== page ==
“God is love, so He must support all kinds of love.”
“I can do whatever I want because God will still love me.”
“If God loves me, then why did He allow this terrible thing to happen to me?”
I’m sure you have heard (or said) one of these statements before. People—yes, even Christians—are generally confused about God’s love.
What is the first picture that comes to your mind when you think of love? Maybe you think of a romance movie, a dramatic Shakespeare play, or a mother coddling her toddler. Or maybe your first thought is of a memory that is special to you, where you feel secure and happy. Whatever you think love is, put it aside for a minute and try to embrace with fresh understanding the true nature of God’s love.
The problem is that we think human love and God’s love are one in the same. Thus, we expect God to accept our sin, coddle us, and keep us from the scary things of this world. When He doesn’t love us the way we think He should, we feel betrayed and doubt His goodness. As my pastor says, we forget that God’s love is not like grandma’s love. God’s love is just.
Think of the story in John 11 about the death of Lazarus. Christ could have prevented Lazarus from dying and he could have saved Mary and Martha from the pain of loss. But He didn’t. In fact, after hearing that His dear friend Lazarus was gravely ill, Jesus “stayed two days longer in the place where he was” (v.6). As a little student in Sunday school, I always asked the question, “why?” The people in John 11 mourning Lazarus asked the same thing (v.37). If Jesus loved Lazarus and his sisters, why did He allow them to experience this pain?
You may already know that John 11 contains the shortest verse in the Bible: “Jesus wept” (v.35). I have heard many preachers use this verse as an illustration of Christ’s humanity and love for us, and rightly so. But, once again, as a little child learning about this story in Sunday school, I wondered why. After all, Christ knew that He was going to raise Lazarus from the dead. So why did Jesus weep?
Jesus wept because He cared for Mary and Martha and was deeply concerned about their lack of faith. Like any person would do after losing a brother, both sisters blamed Jesus for not coming in time to save Lazarus (v.21,32). They did not believe that Jesus had the power to raise Lazarus, especially since he had been dead for four days. According to Jewish belief, the soul had already left permanently. This is an example of Christ’s just love. He did not do what Mary and Martha wanted Him to do, which was heal their brother. Instead, He did what glorified God, “so that the Son of God may be glorified through it” (v.4).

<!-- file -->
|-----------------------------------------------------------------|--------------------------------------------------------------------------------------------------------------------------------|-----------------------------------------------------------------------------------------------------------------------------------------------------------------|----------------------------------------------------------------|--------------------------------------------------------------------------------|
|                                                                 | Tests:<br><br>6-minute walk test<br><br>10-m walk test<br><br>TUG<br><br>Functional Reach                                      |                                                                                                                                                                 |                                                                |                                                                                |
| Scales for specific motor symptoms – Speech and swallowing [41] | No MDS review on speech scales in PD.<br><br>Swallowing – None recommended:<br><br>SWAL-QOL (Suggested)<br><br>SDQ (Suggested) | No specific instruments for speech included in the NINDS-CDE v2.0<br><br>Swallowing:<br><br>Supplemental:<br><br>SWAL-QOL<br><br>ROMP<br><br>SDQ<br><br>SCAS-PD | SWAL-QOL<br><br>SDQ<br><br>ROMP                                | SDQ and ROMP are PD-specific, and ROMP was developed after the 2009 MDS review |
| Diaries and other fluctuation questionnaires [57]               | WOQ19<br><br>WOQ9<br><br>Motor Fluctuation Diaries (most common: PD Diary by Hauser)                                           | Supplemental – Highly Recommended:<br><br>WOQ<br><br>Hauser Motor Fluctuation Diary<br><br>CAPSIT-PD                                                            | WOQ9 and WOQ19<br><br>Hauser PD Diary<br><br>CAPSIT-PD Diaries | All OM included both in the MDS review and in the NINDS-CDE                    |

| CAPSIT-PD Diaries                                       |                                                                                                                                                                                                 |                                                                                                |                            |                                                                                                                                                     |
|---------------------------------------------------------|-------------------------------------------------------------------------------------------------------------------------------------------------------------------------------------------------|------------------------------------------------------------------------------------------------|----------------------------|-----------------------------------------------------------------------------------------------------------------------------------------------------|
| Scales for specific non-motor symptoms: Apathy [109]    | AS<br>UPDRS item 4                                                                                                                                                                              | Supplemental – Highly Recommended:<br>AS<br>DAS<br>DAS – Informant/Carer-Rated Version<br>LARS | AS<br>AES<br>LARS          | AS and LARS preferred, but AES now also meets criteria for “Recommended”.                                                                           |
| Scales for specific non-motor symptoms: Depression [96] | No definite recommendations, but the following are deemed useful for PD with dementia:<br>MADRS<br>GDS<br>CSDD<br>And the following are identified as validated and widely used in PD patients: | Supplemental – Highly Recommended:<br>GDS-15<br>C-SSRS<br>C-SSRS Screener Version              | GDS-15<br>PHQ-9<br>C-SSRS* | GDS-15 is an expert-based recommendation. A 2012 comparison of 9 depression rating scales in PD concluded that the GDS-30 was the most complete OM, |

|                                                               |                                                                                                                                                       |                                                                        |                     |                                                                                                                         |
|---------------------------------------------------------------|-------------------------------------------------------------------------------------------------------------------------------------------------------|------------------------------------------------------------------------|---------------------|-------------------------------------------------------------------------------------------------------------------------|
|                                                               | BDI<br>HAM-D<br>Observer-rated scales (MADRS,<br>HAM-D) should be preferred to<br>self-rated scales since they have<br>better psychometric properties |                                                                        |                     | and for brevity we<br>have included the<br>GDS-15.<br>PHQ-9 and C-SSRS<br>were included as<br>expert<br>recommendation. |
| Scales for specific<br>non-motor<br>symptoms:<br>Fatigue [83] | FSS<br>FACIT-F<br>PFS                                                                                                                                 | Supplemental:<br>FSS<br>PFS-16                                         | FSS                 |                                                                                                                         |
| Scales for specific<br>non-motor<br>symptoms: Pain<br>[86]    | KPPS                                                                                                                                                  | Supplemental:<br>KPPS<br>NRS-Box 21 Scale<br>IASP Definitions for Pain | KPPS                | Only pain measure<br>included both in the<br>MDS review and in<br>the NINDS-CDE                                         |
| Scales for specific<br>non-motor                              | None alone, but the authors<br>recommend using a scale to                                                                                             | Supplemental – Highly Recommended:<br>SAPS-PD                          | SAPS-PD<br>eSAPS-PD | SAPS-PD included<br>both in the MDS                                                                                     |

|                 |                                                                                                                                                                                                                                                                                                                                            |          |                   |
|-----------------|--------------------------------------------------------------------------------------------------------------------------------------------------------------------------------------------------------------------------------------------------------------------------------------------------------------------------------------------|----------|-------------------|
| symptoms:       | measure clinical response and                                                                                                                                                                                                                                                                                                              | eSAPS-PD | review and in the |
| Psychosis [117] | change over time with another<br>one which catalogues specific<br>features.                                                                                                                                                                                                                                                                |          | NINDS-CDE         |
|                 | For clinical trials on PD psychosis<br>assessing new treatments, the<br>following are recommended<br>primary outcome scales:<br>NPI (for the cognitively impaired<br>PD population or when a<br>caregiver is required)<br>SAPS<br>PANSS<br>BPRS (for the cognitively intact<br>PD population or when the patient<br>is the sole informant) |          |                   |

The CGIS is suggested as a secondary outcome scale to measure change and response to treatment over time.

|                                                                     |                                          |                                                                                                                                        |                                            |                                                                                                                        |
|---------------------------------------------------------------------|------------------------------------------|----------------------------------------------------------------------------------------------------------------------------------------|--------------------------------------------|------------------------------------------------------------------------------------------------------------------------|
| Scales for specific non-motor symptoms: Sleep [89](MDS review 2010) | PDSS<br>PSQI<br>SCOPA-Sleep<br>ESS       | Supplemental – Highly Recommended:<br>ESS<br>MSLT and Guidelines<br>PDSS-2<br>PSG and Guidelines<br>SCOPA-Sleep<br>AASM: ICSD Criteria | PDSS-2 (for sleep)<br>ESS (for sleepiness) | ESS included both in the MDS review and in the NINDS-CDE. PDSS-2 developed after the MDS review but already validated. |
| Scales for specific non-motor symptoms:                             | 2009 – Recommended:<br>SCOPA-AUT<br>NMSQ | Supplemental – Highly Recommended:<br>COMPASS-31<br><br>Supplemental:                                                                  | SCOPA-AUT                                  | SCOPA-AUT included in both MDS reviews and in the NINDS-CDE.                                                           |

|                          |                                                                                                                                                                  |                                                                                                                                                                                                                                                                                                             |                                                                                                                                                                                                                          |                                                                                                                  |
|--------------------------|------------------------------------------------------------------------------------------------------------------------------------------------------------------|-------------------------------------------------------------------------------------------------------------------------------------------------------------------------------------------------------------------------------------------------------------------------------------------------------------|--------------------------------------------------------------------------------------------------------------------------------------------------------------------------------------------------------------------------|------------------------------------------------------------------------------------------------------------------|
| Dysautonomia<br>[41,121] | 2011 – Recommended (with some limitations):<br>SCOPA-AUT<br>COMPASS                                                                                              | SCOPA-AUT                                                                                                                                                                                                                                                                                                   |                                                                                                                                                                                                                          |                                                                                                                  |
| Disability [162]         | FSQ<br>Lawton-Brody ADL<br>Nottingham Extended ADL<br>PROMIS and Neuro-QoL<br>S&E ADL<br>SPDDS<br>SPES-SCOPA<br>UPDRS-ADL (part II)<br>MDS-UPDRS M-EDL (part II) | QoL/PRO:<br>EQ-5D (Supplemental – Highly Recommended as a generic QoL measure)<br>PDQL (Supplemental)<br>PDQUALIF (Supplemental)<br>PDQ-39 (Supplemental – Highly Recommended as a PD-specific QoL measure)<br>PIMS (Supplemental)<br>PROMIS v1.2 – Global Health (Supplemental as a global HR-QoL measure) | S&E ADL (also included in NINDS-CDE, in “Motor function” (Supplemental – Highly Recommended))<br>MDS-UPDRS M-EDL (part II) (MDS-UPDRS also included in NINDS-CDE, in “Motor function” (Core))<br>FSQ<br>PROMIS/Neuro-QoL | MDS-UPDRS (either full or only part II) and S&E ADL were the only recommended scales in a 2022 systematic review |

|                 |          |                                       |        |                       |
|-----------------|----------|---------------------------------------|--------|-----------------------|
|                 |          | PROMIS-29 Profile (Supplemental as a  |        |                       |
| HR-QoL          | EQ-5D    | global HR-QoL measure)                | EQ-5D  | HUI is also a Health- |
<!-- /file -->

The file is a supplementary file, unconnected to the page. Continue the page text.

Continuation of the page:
God always loves us according to His sovereign plan, which is always the best for us. His love for us is not accepting of our sin nor according to our preconceptions. He did not heal Lazarus because He knew that raising him from the dead was part of God’s plan, both for Christ Himself, as well as for the faith of Mary, Martha, and the Jews. He loves us in the same way.
God’s love is a just love. It is not tolerant of sin and it does not resemble the love of your grandmother. It is reckless, consistent, and good. We cannot understand it, nor do we deserve it. The only reason that we can enjoy God’s sovereign love is because of Christ’s sacrifice. Christ took all of the wrath God has toward our sin, and left compassion and acceptance of us as people, apart from our sin.
Thus, God is love, but does not accept twisted and unbiblical human “love.”
God will always love you, but will not tolerate your sin.
God might allow some hardships to befall you, but it is all part of His perfect and loving plan.
If you are doubting God’s love in your life, remember that He does not love like we do. He loves by doing what is best for us and what will best glorify Him. He loves by allowing us to fellowship with Him despite our imperfections, because of Christ’s sacrifice.
This compels us to ask the question: “how we can show our gratefulness to Him?” Stay tuned for next week’s post about what it means to love the God Who loved us first.